When Your Core Product May Not be Enough – Revisiting the 4 P’s

By Gary Beemer

Everyone that has taken a basic marketing class in college was no doubt taught the 4 P’s of the marketing mix. Product has always been at the apex of the mix because it’s hard to come up with pricing, placement and promotional strategies and tactics without knowing something about the product. But is having a great product enough, and what if your core product changes from week-to-week and your marketing team has nothing to do with whether it gets better or worse?

Take any professional athletic team as an example. The product is the game, and traditionally the value of the product is determined by wins and losses. If you lose more than you win, your product is considered poor. If you win more than you lose, then your product is good. If you win often enough to go to post-season play, then you have an even better product. If you win a national championship, then your product is the best possible. Common sense dictates that our goal as marketers is to provide the best product possible to help us achieve our goals and maintain competitive advantage.

But what if you are the CMO of a major sports team – say the Tampa Bay Buccaneers – and you can’t always count on wins to define your product value? What goes through your mind when the local paper starts with the following headline: “The Bucs are without a win at home because they are a bad team?” Do you roll up the gridiron and hope for a better product next season?

Management, coaches and players are responsible for wins and losses on the field. In a sense, they are like any service business whose reputation is made or broken by the performance of their human managers and workers. Unlike most service business employees, professional athletes must contend with bone crushing tackles and collisions that may result in injuries that can turn winning into losing overnight, thus changing the value of the core product. Marketing doesn’t choose coaches or players and can’t influence on-field performance, but it is charged with filling stadium seats and suites – regardless of win/loss records.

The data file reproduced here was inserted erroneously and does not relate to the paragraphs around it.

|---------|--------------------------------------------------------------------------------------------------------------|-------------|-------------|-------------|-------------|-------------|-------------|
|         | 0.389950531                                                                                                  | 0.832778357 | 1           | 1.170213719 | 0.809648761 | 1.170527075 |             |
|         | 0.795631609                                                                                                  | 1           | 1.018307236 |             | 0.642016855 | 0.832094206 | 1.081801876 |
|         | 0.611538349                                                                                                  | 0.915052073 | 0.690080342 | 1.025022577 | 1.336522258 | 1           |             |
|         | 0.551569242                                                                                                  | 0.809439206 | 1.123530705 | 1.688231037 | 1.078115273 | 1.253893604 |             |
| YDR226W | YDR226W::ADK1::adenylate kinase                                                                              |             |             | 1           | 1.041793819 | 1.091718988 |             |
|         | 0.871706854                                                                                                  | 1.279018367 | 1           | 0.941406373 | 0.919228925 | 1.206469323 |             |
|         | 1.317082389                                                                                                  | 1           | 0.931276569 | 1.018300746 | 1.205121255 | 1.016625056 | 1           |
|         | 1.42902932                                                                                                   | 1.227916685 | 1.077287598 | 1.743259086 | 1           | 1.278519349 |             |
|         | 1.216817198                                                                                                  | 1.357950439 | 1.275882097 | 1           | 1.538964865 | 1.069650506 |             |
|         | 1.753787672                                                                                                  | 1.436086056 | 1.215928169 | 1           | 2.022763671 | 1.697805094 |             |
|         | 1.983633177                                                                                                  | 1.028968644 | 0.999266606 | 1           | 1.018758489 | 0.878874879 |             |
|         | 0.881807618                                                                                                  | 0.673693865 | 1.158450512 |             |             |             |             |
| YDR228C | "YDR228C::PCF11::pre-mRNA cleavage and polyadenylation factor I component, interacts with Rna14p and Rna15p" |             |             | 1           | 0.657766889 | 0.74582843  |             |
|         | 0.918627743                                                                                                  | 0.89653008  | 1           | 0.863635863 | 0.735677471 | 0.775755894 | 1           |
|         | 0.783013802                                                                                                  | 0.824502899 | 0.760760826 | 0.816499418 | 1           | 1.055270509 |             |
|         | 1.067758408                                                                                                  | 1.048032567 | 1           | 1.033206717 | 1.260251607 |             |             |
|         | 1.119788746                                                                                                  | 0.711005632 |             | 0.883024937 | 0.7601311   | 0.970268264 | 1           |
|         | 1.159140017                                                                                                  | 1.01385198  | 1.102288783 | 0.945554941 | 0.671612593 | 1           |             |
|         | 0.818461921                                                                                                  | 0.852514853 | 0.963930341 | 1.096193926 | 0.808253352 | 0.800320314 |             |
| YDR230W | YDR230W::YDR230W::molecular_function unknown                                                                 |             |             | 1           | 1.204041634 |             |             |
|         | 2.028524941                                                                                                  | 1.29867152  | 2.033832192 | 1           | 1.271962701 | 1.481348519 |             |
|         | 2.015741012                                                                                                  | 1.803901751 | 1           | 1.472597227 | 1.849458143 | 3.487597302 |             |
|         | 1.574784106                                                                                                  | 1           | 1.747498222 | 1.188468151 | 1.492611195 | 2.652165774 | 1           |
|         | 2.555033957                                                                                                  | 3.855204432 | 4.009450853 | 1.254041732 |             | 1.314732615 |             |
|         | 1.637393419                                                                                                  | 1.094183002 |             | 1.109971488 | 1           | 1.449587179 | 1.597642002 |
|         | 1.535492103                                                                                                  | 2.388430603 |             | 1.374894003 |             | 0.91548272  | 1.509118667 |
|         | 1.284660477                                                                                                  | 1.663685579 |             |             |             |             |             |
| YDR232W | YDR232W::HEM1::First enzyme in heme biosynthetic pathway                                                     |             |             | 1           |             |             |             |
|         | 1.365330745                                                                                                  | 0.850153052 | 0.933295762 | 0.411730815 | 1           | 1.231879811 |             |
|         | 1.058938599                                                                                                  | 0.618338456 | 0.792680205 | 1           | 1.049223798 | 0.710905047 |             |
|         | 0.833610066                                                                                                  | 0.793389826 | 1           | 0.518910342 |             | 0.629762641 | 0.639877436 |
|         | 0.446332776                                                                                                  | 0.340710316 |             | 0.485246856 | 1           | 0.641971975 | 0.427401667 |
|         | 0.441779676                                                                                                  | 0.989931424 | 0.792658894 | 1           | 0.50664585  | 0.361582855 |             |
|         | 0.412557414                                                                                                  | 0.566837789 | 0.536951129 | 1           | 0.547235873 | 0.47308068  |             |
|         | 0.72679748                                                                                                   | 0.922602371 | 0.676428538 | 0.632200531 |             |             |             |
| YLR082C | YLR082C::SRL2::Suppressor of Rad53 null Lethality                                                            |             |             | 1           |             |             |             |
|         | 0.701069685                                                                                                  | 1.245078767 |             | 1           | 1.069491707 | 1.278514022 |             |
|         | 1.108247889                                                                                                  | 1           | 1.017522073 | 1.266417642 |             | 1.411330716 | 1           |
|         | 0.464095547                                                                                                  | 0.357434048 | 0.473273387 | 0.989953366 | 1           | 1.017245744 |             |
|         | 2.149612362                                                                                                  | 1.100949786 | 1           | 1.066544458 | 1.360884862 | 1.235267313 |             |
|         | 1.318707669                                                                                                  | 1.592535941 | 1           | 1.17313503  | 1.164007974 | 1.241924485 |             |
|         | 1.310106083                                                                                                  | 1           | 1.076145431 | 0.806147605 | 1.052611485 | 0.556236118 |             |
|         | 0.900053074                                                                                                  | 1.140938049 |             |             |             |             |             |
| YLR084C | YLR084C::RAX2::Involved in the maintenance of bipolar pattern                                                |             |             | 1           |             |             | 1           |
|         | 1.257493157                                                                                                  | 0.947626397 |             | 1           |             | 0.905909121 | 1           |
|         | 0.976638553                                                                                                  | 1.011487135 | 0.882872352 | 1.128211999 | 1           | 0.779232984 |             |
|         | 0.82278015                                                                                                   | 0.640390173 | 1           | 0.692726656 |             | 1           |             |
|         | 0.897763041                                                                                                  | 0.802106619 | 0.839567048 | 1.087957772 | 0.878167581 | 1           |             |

So how has the Bucs Marketing Team succeeded in this turbulent environment? By creating a much larger portfolio of interconnected experiences – see below – that enhance, and at times, eclipse the core product on the field.

1. Create a game day experience that is larger than the game itself.
2. Rebrand the experience as family friendly by openly courting women and kids by continually updating and adding on-site amenities and experiences that cater to them.
3. Lower the price of tickets for children not as a discount, but as an investment in making each game a “family” experience that develops brand loyalty in current and future generations.
4. Make the experience analogous to planning an exciting family vacation.
5. Successfully compete with home TV’s and sound systems by installing 31,000 square feet of video surface with 360-degree immersive video and sound.
6. Provide exclusive benefits like simultaneous triple screen replays that can only be seen at the stadium.
7. Create a Bucs smart phone application that allows fans to actively engage with the facility and surroundings during the game in the form of selfies, narratives and virtual reality gaming.

So how does this help mere mortal marketers with our products, services and ideas? By forcing us to revisit the importance of our core product in the marketing mix, and to realize that customers today not only buy our products, but the overall experience they have with our business.

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